But while X-Fluents enjoy luxury to the fullest, they may, or may not choose the most exclusive and expensive brands. They are value-shoppers, not in the sense that they are looking for cheap or discount, but they are extremely focused on getting the most value for the money they invest.

An X-Fluent shopper may love your $5,000 chair or your $10,000 leather sofa, and she or he certainly has the money to pay for it, but they might not be willing to buy it if the brand is too common, or another less expensive brand offers comparable quality and style. Today, the X-Fluents opt for value and a quieter, authentic and less conspicuous luxury lifestyle.

Aspirers want to be seen as 'players'
The Aspirers, who make up slightly less than 25% of the HENRYs, have yet to reach the level of luxury to which they aspire. Aspirers are on their way up and want to be perceived as players. For them, luxury is about showing social status and prestige. They are less secure and confident than the X-Fluents, and believe that the glitz and the glamor that comes from the status-symbol brands they own identifies them as successful. However, their incomes may not yet match their aspirations.

An Aspirer may want to own a showy $5,000 Viking stove or $10,000 Lee Jofa custom-fabricated sofa, but he or she may not be able to afford it. An Aspirer is more likely to purchase the lowest- priced model of that brand’s luxury range as a stopgap, or simply wait until their income catches up with his or her luxury aspirations.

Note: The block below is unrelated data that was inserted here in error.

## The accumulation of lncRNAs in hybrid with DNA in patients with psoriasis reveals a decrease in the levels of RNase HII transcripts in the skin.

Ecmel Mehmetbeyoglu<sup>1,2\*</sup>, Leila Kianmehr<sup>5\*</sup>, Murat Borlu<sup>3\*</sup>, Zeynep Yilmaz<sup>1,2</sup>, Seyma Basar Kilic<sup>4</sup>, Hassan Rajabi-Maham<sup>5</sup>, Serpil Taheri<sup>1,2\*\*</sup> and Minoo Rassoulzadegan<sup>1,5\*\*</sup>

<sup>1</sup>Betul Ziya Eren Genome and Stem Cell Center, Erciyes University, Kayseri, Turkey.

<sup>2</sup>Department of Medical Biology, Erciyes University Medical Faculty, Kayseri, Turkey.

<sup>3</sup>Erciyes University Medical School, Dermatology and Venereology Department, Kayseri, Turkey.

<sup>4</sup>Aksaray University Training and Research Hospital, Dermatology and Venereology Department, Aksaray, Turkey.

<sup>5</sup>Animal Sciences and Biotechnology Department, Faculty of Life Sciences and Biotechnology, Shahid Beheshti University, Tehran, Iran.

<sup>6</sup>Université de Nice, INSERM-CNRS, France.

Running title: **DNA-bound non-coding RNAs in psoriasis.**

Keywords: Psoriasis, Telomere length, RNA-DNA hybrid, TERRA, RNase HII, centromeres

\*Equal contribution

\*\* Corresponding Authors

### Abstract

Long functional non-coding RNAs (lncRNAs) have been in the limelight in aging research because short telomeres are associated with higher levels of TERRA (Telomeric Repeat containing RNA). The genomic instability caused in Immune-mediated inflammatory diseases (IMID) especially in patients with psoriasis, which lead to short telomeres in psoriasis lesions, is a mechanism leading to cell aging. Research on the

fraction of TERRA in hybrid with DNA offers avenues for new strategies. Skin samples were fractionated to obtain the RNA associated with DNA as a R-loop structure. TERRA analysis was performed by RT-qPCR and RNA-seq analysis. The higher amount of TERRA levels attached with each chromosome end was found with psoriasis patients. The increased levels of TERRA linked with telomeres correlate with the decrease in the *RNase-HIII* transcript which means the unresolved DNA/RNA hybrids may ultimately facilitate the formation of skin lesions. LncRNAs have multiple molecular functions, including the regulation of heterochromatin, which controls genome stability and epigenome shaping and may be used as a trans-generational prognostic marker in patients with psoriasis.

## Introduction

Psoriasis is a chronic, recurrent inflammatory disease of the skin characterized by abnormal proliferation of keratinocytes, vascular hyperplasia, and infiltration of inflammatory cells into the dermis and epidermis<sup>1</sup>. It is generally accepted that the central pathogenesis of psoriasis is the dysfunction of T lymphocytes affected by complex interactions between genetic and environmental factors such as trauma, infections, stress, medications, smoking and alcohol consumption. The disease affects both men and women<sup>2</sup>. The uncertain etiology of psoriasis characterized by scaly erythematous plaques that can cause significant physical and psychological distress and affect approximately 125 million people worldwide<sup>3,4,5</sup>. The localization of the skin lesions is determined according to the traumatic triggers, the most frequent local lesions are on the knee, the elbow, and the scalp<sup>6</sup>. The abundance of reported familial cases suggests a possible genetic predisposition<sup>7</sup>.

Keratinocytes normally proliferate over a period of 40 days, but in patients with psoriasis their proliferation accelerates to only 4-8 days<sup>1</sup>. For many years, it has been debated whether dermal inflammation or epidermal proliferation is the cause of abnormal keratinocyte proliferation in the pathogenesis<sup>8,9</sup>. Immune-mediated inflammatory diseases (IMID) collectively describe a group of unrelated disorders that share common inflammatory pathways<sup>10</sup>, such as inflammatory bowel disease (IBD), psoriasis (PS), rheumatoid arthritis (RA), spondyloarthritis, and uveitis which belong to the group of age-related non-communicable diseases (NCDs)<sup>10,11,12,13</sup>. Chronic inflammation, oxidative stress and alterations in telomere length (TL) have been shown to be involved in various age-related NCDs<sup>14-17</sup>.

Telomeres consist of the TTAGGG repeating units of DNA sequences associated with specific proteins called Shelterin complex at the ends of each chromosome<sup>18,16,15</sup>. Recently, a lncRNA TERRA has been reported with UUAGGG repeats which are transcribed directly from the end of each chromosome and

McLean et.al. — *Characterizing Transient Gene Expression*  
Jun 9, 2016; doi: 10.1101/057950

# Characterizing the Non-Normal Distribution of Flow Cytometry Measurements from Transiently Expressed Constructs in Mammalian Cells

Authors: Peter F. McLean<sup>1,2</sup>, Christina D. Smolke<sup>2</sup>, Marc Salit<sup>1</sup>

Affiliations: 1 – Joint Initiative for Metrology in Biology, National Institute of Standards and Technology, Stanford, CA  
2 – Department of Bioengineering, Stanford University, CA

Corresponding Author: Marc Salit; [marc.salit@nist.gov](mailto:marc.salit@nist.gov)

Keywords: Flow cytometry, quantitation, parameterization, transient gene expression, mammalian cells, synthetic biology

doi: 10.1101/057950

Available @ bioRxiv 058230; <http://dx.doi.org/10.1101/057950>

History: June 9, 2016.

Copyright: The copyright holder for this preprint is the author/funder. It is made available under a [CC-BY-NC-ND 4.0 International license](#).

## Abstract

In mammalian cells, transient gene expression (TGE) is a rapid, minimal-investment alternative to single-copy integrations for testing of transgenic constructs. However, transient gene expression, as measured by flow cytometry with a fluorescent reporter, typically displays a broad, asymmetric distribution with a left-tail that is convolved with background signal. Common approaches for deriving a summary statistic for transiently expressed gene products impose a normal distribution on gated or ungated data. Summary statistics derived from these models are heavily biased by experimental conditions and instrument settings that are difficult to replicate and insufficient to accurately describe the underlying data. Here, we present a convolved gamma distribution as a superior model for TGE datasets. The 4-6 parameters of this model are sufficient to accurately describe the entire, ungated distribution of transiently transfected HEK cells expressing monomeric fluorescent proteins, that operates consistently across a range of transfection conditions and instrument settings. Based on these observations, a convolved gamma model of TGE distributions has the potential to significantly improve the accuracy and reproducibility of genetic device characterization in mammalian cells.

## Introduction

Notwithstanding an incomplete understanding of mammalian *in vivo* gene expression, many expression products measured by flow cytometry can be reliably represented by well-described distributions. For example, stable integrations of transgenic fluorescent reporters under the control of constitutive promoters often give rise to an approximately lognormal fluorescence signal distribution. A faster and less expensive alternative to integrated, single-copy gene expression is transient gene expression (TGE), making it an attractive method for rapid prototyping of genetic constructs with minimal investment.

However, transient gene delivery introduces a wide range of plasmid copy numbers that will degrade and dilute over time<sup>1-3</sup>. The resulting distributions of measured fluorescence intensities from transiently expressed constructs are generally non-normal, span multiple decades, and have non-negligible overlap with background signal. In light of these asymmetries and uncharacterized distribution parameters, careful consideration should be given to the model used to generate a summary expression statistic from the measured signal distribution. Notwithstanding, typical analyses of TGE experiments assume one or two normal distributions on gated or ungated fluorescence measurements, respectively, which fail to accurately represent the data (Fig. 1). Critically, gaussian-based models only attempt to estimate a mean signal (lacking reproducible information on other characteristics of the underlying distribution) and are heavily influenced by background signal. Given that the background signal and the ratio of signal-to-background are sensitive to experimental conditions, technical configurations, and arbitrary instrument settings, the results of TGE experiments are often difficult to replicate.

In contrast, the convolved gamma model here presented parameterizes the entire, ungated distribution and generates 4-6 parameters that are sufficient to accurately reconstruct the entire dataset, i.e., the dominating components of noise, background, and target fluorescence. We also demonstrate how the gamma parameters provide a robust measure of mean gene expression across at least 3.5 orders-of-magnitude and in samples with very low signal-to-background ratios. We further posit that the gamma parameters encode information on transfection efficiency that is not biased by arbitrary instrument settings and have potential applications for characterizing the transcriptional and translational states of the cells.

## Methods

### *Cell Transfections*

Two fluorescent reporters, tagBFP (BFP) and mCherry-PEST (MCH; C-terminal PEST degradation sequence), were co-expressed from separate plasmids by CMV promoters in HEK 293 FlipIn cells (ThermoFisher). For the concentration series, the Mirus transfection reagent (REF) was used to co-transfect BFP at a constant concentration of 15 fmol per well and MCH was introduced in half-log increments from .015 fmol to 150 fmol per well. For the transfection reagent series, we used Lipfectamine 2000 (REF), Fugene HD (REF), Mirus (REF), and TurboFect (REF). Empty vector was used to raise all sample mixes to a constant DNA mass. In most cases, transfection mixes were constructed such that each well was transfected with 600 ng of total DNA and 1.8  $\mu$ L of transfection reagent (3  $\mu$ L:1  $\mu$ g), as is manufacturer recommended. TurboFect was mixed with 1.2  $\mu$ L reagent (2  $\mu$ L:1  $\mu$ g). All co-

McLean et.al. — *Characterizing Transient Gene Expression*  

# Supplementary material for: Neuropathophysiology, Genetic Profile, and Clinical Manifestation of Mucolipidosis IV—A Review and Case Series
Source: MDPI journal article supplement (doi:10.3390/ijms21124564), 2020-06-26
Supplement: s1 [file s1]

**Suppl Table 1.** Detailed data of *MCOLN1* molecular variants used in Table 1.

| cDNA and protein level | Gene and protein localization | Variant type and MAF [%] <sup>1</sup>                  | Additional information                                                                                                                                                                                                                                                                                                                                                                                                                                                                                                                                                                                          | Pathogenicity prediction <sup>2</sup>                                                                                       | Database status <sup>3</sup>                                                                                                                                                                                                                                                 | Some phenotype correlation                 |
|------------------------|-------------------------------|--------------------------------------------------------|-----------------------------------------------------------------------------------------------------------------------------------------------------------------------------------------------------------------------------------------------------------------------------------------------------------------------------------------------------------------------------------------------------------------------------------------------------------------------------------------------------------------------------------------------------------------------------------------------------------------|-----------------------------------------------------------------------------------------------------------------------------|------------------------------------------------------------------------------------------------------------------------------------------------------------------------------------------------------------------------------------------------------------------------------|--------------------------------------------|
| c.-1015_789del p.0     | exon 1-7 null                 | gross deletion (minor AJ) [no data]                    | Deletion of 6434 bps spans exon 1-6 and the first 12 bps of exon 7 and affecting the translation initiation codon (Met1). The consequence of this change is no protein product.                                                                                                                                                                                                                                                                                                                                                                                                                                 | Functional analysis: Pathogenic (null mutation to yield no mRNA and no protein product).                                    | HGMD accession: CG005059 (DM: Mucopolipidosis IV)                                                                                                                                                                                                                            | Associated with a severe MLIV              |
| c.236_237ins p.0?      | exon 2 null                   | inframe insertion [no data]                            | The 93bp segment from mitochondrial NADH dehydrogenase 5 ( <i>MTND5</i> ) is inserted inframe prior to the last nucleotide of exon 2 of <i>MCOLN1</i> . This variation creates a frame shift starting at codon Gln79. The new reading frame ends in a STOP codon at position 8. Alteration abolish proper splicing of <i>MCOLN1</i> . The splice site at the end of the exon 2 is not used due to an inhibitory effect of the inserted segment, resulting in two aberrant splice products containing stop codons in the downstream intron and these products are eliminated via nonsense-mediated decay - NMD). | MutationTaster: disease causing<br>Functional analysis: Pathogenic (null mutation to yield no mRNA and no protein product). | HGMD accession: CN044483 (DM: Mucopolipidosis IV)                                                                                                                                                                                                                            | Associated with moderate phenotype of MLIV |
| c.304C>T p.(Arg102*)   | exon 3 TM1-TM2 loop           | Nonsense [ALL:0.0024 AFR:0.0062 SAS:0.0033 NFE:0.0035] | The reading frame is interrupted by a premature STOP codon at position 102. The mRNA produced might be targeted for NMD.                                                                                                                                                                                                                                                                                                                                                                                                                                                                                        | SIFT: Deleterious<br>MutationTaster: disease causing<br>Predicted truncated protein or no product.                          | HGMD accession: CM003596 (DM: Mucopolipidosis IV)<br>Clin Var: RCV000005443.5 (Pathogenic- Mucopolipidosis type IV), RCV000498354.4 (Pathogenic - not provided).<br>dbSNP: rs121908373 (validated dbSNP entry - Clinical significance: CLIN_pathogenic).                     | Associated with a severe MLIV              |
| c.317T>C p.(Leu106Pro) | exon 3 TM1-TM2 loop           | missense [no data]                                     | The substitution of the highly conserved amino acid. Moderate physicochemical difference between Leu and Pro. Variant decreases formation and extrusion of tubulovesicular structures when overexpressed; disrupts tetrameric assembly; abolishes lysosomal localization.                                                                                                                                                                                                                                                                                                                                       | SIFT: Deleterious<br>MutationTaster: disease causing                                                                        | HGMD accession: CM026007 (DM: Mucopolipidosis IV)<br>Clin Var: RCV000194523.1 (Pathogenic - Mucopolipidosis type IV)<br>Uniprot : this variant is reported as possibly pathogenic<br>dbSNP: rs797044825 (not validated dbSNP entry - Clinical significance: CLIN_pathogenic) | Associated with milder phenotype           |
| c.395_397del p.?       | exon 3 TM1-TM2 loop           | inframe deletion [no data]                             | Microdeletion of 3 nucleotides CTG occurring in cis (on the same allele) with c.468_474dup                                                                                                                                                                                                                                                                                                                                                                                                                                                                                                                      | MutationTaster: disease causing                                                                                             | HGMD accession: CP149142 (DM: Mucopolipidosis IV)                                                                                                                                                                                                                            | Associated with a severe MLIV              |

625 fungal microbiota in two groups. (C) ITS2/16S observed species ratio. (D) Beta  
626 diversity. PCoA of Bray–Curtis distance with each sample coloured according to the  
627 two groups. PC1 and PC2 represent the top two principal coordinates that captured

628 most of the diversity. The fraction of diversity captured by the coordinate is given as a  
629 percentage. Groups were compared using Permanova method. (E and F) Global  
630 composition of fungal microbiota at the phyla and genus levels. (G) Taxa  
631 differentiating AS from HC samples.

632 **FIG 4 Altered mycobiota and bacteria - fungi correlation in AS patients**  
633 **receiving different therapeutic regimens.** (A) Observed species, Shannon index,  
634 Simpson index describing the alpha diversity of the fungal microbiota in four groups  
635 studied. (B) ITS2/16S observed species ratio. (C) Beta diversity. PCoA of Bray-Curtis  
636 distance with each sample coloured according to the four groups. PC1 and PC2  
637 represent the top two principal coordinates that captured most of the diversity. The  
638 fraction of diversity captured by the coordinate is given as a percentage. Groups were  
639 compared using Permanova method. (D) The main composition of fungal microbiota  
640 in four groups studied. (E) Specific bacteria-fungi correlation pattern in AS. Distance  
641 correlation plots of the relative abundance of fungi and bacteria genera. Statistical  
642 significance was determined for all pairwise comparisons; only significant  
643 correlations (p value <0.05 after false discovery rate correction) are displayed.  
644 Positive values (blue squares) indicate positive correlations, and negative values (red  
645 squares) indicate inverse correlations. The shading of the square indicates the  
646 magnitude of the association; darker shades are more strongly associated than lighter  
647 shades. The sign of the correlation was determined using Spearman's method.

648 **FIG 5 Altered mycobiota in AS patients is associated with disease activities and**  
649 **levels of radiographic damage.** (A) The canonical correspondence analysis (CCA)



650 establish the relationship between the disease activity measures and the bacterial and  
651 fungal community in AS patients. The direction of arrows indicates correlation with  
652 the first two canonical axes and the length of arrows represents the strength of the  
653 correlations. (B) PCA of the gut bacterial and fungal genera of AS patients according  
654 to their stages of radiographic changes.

This is the personality that brands talk about the 'aspirational' customer are targeting. Fewer than one-fourth of HENRYs fit this personality and there are more male Aspirers than female ones. So aspirationally-targeted messages are clearly missing the mark for the other personality types.

Cocooners express luxury in their homes
Cocooners account for another quarter of the HENRYs and are prime targets for home marketers selling premium-priced goods.


Cocooners express luxury in and through their homes. Cocooners are all about the home; decorating it, furnishing it, surrounding themselves in a cocoon that makes them feel warm, secure, comfortable and happy. And, they are core customers for well-designed, prestige brand bath and kitchen appliances and fixtures, high-end furniture and expensive home furnishings and decorative items.

Cocooners tend to focus their luxury indulgences on things for the home, not on items for themselves. That means Cocooners may look more like fashion victims than fashionistas when out shopping. Their dress won’t signal affluence. As a result, a Cocooner might be overlooked as a good potential customer for high-end appliances, furniture, decorative home furnishings and other items for the home.

Cocooners also might be scared off if your brand or shopping experience is too X-Fluent or Aspirer focused. That is, it doesn’t speak to his or her more traditional, hearth-and-home lifestyle.

Today many luxury brands, among them Vera Wang, Ralph Lauren, and Fendi, are extending their ranges into the Cocooners’ home territory, so they are increasingly going to have to speak her language. They ignore this customer segment at their peril, because Cocooners are prime candidates for high-end and premium home brands. For Cocooners, the attraction isn’t sophistication like for the X-Fluents or status like the Aspirers, but genuine quality and comfort in style.